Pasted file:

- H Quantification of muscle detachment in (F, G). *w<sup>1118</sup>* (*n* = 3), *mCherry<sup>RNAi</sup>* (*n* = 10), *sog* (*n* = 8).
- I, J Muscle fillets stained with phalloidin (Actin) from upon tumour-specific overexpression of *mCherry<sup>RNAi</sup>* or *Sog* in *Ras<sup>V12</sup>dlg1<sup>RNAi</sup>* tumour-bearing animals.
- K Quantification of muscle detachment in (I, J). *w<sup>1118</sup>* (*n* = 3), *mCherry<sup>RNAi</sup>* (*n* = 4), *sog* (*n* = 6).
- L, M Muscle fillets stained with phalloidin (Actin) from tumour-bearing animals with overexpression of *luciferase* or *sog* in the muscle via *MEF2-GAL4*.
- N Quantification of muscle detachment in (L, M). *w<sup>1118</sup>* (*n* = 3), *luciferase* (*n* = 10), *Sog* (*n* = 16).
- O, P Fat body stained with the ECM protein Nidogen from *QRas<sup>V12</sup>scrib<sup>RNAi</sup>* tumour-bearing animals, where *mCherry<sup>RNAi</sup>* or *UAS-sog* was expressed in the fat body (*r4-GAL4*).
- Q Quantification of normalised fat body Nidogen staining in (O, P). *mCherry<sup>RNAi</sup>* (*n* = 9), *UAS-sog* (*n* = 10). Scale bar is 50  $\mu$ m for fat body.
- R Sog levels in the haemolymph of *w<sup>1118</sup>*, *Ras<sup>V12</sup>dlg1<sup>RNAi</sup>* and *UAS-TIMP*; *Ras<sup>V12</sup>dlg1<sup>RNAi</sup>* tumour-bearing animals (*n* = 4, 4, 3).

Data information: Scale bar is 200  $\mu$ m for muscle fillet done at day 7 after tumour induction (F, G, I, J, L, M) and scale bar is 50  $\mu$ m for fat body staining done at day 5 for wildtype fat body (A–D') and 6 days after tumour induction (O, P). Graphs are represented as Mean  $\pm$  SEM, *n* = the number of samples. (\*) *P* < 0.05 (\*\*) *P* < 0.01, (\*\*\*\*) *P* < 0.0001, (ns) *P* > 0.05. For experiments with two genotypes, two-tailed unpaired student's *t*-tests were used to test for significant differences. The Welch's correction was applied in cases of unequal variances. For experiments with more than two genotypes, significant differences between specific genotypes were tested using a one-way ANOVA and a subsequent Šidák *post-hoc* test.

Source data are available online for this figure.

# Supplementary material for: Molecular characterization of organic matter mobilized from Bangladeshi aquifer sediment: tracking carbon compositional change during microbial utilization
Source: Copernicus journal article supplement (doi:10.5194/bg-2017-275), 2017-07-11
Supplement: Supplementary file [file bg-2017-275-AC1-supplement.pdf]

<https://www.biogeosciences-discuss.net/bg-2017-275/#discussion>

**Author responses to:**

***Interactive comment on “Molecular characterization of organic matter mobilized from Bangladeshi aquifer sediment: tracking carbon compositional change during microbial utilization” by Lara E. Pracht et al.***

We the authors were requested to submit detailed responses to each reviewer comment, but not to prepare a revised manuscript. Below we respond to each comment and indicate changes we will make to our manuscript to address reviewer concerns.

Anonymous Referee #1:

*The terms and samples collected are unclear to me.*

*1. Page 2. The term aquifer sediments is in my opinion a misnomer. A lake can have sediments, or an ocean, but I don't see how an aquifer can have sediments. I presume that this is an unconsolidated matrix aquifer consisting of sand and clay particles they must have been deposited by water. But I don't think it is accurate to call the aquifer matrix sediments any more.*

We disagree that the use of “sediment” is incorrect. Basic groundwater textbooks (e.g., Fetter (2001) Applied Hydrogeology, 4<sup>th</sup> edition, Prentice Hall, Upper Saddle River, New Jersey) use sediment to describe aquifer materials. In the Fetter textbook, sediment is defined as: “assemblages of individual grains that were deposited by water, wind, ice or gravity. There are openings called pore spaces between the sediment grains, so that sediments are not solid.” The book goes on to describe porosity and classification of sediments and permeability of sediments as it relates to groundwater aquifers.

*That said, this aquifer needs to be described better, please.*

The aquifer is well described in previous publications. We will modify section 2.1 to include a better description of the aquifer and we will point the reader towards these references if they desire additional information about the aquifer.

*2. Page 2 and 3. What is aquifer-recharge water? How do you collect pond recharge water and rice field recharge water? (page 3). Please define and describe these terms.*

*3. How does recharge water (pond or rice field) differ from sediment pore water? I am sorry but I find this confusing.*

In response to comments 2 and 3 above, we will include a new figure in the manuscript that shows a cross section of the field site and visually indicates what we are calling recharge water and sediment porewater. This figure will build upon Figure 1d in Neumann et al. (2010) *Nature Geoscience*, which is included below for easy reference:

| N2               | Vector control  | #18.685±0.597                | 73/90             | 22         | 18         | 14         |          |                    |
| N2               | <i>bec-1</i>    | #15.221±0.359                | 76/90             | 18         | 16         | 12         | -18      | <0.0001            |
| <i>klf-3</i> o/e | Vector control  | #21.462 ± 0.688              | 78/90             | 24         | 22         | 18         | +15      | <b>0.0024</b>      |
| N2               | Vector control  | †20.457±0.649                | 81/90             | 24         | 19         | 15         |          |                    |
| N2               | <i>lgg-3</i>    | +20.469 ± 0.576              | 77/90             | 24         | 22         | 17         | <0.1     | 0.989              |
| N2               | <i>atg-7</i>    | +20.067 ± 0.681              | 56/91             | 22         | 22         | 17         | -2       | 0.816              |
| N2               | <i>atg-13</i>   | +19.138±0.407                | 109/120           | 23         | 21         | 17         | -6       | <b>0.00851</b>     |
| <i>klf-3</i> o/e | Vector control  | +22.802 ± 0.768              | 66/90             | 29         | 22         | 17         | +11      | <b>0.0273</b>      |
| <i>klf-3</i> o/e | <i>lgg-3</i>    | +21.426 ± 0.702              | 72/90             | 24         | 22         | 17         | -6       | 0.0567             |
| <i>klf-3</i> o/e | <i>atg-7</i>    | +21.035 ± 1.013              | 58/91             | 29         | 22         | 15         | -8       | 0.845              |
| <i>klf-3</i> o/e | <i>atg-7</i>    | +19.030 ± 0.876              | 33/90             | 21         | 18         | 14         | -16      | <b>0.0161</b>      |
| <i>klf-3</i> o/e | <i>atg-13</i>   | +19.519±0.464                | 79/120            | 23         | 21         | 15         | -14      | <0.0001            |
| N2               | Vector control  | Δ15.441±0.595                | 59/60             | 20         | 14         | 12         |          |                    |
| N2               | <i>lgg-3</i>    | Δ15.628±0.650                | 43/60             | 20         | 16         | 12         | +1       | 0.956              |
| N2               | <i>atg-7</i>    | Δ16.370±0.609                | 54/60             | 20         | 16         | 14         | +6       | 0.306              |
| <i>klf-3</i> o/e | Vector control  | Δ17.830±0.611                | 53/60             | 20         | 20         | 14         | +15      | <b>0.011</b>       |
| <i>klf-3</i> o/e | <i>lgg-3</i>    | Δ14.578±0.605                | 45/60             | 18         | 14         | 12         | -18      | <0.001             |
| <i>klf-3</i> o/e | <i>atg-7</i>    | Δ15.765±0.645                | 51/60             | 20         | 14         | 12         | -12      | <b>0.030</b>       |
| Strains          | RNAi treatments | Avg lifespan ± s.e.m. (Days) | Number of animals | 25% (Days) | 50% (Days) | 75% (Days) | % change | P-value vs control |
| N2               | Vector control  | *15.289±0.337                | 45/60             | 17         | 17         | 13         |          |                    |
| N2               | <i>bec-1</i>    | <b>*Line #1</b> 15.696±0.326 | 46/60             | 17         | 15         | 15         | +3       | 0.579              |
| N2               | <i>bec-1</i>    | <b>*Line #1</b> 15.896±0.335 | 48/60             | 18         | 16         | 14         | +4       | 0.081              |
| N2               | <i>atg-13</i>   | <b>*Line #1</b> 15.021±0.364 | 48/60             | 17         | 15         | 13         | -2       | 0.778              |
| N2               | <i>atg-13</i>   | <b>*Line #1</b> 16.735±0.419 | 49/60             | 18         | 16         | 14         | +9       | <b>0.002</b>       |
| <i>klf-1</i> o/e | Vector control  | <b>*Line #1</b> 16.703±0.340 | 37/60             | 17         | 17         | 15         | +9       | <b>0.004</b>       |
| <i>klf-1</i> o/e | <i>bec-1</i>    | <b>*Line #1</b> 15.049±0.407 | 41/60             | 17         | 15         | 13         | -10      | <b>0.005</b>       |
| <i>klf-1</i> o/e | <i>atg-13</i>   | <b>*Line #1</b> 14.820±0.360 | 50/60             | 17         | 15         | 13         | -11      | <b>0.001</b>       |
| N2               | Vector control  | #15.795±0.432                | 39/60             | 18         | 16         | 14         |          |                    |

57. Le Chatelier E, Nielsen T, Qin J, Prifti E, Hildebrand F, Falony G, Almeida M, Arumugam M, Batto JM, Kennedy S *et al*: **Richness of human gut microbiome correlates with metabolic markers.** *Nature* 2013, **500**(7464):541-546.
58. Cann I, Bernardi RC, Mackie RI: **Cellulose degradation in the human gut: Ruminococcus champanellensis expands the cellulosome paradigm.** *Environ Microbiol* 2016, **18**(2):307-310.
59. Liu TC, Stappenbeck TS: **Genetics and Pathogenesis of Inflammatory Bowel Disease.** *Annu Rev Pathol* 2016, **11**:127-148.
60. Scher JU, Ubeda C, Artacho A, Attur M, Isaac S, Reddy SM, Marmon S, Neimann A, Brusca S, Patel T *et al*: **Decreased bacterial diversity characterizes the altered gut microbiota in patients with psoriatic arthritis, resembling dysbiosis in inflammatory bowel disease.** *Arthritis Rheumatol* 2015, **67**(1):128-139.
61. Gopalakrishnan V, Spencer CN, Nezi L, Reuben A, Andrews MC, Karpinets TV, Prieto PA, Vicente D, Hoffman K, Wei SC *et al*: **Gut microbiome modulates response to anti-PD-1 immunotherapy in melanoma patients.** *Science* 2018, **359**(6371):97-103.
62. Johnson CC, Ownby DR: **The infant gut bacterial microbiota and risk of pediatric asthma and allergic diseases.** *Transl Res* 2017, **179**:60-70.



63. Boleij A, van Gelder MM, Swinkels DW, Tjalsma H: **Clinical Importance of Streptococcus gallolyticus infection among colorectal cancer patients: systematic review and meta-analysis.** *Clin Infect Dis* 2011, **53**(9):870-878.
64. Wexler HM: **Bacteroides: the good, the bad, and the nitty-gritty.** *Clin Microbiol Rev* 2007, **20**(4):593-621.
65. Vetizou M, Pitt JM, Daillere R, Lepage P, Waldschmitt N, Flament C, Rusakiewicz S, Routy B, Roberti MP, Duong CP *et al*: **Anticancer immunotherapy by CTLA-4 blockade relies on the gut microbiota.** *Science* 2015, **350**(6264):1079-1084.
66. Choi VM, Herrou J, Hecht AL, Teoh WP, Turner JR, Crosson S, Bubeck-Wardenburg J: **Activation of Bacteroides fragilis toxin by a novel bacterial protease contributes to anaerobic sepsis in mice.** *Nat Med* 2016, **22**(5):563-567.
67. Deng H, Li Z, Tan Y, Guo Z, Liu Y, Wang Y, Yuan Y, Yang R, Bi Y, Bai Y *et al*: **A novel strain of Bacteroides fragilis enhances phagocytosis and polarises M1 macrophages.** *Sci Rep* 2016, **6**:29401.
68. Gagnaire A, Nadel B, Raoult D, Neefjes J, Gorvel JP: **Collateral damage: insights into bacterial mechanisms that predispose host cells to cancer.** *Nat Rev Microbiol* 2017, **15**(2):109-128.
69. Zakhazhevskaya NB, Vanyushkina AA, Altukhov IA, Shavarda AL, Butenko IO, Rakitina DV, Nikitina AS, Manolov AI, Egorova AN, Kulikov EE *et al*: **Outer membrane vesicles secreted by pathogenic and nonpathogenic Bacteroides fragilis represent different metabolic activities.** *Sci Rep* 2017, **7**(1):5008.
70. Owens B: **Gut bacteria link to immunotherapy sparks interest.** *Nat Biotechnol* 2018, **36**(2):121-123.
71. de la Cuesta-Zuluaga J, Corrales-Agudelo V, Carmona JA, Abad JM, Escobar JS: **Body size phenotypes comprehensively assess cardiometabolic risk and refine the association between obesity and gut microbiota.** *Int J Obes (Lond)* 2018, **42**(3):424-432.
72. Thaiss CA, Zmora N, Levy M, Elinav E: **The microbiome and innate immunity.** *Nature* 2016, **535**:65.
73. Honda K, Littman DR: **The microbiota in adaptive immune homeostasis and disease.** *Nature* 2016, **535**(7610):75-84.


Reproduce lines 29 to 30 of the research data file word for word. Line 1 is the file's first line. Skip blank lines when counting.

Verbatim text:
| <i>klf-3</i> o/e | Vector control  | #21.462 ± 0.688              | 78/90             | 24         | 22         | 18         | +15      | <b>0.0024</b>      |
| N2               | Vector control  | †20.457±0.649                | 81/90             | 24         | 19         | 15         |          |                    |